Another issue that the WTO faces is determining whether or not electronic products can be classified as either “goods” or “services” for the purposes of applying the provisions of GATT or the General Agreement on Trade in Services (GATS). Currently, the WTO General Council uses a working definition of e-commerce that defines the concept as “the production, distribution, marketing, sale or delivery of goods and services by electronic means.”12 The OECD, which has undertaken a significant amount of work in developing a model definition and statistical indicators that may be used to measure e-commerce, also makes no distinction between a “good” and a “service.”13
An illustration of the problem national and international regulatory regimes might face in distinguishing between “goods” and “services” is the “fusion” product. For example, a software company based in one country provides a risk management monitoring program. To be able to implement the program, a purchaser in another country must either purchase the physical manifestation of the program (usually contained in a diskette or CD-Rom, packaged with instructions etc.) or download the software on to their computer system.
However, for ongoing implementation and updates, the program must be accessed online (usually through a subscription service) from the manufacturer’s website. This is not an uncommon example as many of the major anti-virus software programs operate on this basis. If a State can and wishes to impose a tariff or quota restriction on such a product some form of determination will be needed as to whether it was a “good” or “service” for GATT or GATS purposes.
In drafting GATS, negotiators were keen to apply the principle of “technological neutrality” (i.e. drafting the Agreement in such a way so that it applied regardless of the technology used and any developments or changes in technology). However as some publicists note, a separate classification schedule would have to be drafted (using the Central Products Classification) and where specific technologies or modes of delivery are used which do not sit within a recognised category, they are described as “other services” – a classification that is “arbitrary and questionable.”14 The obvious result is that States will interpret or classify e-products according to their own interests for business or revenue purposes.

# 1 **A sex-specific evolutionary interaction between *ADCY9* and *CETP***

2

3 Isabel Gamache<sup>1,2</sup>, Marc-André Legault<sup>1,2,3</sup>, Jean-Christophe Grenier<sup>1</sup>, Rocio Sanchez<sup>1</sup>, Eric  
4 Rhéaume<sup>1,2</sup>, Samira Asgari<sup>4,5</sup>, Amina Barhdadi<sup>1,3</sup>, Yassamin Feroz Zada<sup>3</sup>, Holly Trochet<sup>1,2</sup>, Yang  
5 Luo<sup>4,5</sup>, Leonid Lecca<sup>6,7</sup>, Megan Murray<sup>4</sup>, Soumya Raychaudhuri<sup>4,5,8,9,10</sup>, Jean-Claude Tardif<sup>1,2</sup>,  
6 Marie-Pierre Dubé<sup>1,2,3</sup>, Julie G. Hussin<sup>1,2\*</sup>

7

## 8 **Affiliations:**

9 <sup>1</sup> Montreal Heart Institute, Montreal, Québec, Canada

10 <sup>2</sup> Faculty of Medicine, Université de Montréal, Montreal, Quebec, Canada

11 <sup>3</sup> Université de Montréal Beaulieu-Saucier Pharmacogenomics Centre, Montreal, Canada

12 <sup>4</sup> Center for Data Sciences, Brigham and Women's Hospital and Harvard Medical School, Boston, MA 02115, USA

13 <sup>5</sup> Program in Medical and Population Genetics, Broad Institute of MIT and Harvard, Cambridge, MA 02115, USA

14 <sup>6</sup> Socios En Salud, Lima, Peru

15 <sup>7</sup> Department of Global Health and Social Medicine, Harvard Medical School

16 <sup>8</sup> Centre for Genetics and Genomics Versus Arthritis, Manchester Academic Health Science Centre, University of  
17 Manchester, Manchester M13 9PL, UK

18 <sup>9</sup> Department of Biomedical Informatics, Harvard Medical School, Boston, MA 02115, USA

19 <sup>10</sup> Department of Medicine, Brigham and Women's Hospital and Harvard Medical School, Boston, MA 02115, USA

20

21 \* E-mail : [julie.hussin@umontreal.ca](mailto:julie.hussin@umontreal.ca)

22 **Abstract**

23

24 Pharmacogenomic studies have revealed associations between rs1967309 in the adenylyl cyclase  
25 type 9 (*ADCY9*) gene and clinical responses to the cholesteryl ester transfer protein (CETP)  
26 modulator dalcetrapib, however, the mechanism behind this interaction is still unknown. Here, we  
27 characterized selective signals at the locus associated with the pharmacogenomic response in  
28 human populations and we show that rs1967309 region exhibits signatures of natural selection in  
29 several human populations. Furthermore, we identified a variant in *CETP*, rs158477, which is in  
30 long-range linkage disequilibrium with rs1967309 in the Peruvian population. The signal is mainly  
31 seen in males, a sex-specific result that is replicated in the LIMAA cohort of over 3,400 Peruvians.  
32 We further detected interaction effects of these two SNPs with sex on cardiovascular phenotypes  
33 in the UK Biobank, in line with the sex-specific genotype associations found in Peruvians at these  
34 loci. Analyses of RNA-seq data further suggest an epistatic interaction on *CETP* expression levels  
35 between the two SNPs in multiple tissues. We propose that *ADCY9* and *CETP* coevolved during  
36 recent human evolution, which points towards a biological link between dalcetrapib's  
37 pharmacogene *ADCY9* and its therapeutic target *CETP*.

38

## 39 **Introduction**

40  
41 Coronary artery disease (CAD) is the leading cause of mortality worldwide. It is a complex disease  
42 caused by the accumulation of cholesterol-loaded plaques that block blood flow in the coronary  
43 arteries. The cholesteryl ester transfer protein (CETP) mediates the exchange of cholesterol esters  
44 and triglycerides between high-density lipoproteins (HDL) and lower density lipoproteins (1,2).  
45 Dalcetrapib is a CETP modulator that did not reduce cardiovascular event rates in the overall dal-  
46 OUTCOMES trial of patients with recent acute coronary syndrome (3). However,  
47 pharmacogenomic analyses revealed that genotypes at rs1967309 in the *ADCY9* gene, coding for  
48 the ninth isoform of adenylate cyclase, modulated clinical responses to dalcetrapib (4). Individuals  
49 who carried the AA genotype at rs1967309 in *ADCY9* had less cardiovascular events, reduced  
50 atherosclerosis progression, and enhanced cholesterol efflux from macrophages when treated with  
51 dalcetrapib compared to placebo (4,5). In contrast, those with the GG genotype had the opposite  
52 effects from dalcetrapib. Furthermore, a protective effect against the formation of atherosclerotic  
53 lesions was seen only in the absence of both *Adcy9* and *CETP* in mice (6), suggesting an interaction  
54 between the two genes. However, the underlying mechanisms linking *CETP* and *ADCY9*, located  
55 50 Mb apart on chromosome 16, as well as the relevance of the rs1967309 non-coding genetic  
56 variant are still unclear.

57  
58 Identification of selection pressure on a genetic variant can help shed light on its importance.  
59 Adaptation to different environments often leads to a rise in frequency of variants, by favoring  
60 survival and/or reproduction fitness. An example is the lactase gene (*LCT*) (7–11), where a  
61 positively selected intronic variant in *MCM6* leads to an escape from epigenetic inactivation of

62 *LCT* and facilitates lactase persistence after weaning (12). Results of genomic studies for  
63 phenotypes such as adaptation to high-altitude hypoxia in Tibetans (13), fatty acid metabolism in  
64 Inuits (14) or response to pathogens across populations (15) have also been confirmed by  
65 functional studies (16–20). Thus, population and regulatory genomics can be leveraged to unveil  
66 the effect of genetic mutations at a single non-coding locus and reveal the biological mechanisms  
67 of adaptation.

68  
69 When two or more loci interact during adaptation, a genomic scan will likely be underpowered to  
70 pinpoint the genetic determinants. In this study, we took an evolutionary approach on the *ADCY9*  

It is in the context of these broader problems that this paper examines a current and very important area of debate in relation to e-commerce and trade – the importance of cryptography and how, national policies controlling or restricting the export and international distribution of encryption technology can be viewed as being inconsistent with the objectives and provisions of the GATT and is symptomatic of the disparity in State resources and access to the area of e-commerce.
Undertaking a legal analysis of the GATT and its application to the export control regimes in place, will enable policy makers at the national and international level, to closely examine and modify the regulatory framework for international trade that ought to result in a greater degree of consistency (and equality) for those engaging in international trade. The ultimate benefit of setting an appropriate framework is to allow the market to develop at its own pace and to allow greater access to the benefits new technology can offer to the global community.